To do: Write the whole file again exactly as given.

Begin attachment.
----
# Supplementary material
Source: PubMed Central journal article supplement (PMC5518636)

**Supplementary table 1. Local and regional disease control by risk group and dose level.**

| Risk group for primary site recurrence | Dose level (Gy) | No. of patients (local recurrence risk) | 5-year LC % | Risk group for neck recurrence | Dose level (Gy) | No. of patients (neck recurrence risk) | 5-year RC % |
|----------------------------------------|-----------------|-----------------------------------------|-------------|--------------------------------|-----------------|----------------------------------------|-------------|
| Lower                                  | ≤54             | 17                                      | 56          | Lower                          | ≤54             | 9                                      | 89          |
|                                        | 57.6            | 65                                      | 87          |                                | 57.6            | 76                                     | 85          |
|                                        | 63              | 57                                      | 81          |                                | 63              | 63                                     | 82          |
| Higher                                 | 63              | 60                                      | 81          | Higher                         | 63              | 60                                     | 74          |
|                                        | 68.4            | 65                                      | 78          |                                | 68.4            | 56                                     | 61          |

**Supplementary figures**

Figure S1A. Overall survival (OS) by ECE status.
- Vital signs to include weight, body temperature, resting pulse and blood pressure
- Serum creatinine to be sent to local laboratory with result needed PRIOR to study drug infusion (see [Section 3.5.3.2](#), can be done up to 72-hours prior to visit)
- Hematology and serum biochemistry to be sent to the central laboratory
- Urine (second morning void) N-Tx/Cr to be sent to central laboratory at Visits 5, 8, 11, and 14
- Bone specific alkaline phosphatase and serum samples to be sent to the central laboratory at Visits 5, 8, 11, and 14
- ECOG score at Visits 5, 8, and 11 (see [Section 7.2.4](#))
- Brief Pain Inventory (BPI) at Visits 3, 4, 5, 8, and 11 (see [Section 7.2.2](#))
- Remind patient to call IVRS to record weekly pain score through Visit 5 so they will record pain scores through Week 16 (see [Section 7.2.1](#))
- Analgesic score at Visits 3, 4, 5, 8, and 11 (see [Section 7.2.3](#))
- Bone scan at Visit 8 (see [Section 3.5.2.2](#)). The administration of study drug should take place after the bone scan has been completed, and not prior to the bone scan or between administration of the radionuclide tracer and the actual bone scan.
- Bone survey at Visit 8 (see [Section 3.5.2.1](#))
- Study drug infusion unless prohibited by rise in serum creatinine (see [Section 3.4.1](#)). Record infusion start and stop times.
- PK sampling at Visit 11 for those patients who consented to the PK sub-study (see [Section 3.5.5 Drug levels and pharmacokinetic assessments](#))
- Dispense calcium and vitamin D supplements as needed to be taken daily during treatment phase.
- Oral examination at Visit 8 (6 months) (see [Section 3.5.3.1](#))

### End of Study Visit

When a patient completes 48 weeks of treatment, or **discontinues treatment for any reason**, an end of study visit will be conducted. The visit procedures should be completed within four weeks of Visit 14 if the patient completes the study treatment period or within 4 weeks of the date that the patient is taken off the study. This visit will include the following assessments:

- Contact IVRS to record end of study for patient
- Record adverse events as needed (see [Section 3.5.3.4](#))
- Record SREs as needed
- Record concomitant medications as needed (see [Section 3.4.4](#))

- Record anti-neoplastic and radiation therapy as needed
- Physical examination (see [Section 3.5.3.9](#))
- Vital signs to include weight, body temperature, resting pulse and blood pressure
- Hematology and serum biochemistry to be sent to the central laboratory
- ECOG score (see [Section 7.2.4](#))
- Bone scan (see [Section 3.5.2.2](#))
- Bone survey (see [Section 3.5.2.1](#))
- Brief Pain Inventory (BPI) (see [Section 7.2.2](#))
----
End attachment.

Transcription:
# Supplementary material
Source: PubMed Central journal article supplement (PMC5518636)

**Supplementary table 1. Local and regional disease control by risk group and dose level.**

| Risk group for primary site recurrence | Dose level (Gy) | No. of patients (local recurrence risk) | 5-year LC % | Risk group for neck recurrence | Dose level (Gy) | No. of patients (neck recurrence risk) | 5-year RC % |
|----------------------------------------|-----------------|-----------------------------------------|-------------|--------------------------------|-----------------|----------------------------------------|-------------|
| Lower                                  | ≤54             | 17                                      | 56          | Lower                          | ≤54             | 9                                      | 89          |
|                                        | 57.6            | 65                                      | 87          |                                | 57.6            | 76                                     | 85          |
|                                        | 63              | 57                                      | 81          |                                | 63              | 63                                     | 82          |
| Higher                                 | 63              | 60                                      | 81          | Higher                         | 63              | 60                                     | 74          |
|                                        | 68.4            | 65                                      | 78          |                                | 68.4            | 56                                     | 61          |

**Supplementary figures**

Figure S1A. Overall survival (OS) by ECE status.
- Vital signs to include weight, body temperature, resting pulse and blood pressure
- Serum creatinine to be sent to local laboratory with result needed PRIOR to study drug infusion (see [Section 3.5.3.2](#), can be done up to 72-hours prior to visit)
- Hematology and serum biochemistry to be sent to the central laboratory
- Urine (second morning void) N-Tx/Cr to be sent to central laboratory at Visits 5, 8, 11, and 14
- Bone specific alkaline phosphatase and serum samples to be sent to the central laboratory at Visits 5, 8, 11, and 14
- ECOG score at Visits 5, 8, and 11 (see [Section 7.2.4](#))
- Brief Pain Inventory (BPI) at Visits 3, 4, 5, 8, and 11 (see [Section 7.2.2](#))
- Remind patient to call IVRS to record weekly pain score through Visit 5 so they will record pain scores through Week 16 (see [Section 7.2.1](#))
- Analgesic score at Visits 3, 4, 5, 8, and 11 (see [Section 7.2.3](#))
- Bone scan at Visit 8 (see [Section 3.5.2.2](#)). The administration of study drug should take place after the bone scan has been completed, and not prior to the bone scan or between administration of the radionuclide tracer and the actual bone scan.
- Bone survey at Visit 8 (see [Section 3.5.2.1](#))
- Study drug infusion unless prohibited by rise in serum creatinine (see [Section 3.4.1](#)). Record infusion start and stop times.
- PK sampling at Visit 11 for those patients who consented to the PK sub-study (see [Section 3.5.5 Drug levels and pharmacokinetic assessments](#))
- Dispense calcium and vitamin D supplements as needed to be taken daily during treatment phase.
- Oral examination at Visit 8 (6 months) (see [Section 3.5.3.1](#))

### End of Study Visit

When a patient completes 48 weeks of treatment, or **discontinues treatment for any reason**, an end of study visit will be conducted. The visit procedures should be completed within four weeks of Visit 14 if the patient completes the study treatment period or within 4 weeks of the date that the patient is taken off the study. This visit will include the following assessments:

- Contact IVRS to record end of study for patient
- Record adverse events as needed (see [Section 3.5.3.4](#))
- Record SREs as needed
- Record concomitant medications as needed (see [Section 3.4.4](#))

- Record anti-neoplastic and radiation therapy as needed
- Physical examination (see [Section 3.5.3.9](#))
- Vital signs to include weight, body temperature, resting pulse and blood pressure
- Hematology and serum biochemistry to be sent to the central laboratory
- ECOG score (see [Section 7.2.4](#))
- Bone scan (see [Section 3.5.2.2](#))
- Bone survey (see [Section 3.5.2.1](#))
- Brief Pain Inventory (BPI) (see [Section 7.2.2](#))